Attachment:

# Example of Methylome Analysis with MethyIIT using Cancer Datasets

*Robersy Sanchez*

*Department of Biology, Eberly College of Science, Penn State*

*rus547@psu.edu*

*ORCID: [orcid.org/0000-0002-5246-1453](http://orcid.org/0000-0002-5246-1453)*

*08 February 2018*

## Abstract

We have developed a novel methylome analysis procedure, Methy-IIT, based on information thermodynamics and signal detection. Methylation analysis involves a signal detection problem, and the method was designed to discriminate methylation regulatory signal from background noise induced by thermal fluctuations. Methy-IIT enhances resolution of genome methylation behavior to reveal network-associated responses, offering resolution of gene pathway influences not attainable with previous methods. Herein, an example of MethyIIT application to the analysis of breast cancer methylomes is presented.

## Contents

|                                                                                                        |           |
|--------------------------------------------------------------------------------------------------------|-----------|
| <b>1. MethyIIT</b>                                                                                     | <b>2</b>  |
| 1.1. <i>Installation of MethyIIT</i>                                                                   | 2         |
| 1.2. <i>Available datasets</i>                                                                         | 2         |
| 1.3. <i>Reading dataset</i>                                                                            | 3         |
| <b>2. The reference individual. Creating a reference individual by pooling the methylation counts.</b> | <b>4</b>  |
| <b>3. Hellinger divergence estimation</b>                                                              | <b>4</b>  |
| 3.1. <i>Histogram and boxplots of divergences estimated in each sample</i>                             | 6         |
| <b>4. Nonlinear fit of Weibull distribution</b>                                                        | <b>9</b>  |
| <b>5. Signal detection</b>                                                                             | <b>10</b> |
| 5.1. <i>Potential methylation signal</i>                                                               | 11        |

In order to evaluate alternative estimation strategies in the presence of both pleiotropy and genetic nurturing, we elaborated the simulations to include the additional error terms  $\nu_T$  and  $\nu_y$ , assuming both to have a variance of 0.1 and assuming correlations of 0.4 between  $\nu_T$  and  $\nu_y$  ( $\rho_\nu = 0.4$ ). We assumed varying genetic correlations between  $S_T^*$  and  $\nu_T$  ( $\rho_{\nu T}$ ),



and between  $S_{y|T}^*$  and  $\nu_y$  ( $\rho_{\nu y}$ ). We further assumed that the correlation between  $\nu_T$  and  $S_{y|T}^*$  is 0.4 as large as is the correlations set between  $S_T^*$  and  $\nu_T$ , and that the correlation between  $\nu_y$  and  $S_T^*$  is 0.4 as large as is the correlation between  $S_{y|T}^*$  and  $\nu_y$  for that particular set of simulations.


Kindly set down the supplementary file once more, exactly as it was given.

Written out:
# Example of Methylome Analysis with MethyIIT using Cancer Datasets

*Robersy Sanchez*

*Department of Biology, Eberly College of Science, Penn State*

*rus547@psu.edu*

*ORCID: [orcid.org/0000-0002-5246-1453](http://orcid.org/0000-0002-5246-1453)*

*08 February 2018*

## Abstract

We have developed a novel methylome analysis procedure, Methy-IIT, based on information thermodynamics and signal detection. Methylation analysis involves a signal detection problem, and the method was designed to discriminate methylation regulatory signal from background noise induced by thermal fluctuations. Methy-IIT enhances resolution of genome methylation behavior to reveal network-associated responses, offering resolution of gene pathway influences not attainable with previous methods. Herein, an example of MethyIIT application to the analysis of breast cancer methylomes is presented.

## Contents

|                                                                                                        |           |
|--------------------------------------------------------------------------------------------------------|-----------|
| <b>1. MethyIIT</b>                                                                                     | <b>2</b>  |
| 1.1. <i>Installation of MethyIIT</i>                                                                   | 2         |
| 1.2. <i>Available datasets</i>                                                                         | 2         |
| 1.3. <i>Reading dataset</i>                                                                            | 3         |
| <b>2. The reference individual. Creating a reference individual by pooling the methylation counts.</b> | <b>4</b>  |
| <b>3. Hellinger divergence estimation</b>                                                              | <b>4</b>  |
| 3.1. <i>Histogram and boxplots of divergences estimated in each sample</i>                             | 6         |
| <b>4. Nonlinear fit of Weibull distribution</b>                                                        | <b>9</b>  |
| <b>5. Signal detection</b>                                                                             | <b>10</b> |
| 5.1. <i>Potential methylation signal</i>                                                               | 11        |

In order to evaluate alternative estimation strategies in the presence of both pleiotropy and genetic nurturing, we elaborated the simulations to include the additional error terms  $\nu_T$  and  $\nu_y$ , assuming both to have a variance of 0.1 and assuming correlations of 0.4 between  $\nu_T$  and  $\nu_y$  ( $\rho_\nu = 0.4$ ). We assumed varying genetic correlations between  $S_T^*$  and  $\nu_T$  ( $\rho_{\nu T}$ ),



and between  $S_{y|T}^*$  and  $\nu_y$  ( $\rho_{\nu y}$ ). We further assumed that the correlation between  $\nu_T$  and  $S_{y|T}^*$  is 0.4 as large as is the correlations set between  $S_T^*$  and  $\nu_T$ , and that the correlation between  $\nu_y$  and  $S_T^*$  is 0.4 as large as is the correlation between  $S_{y|T}^*$  and  $\nu_y$  for that particular set of simulations.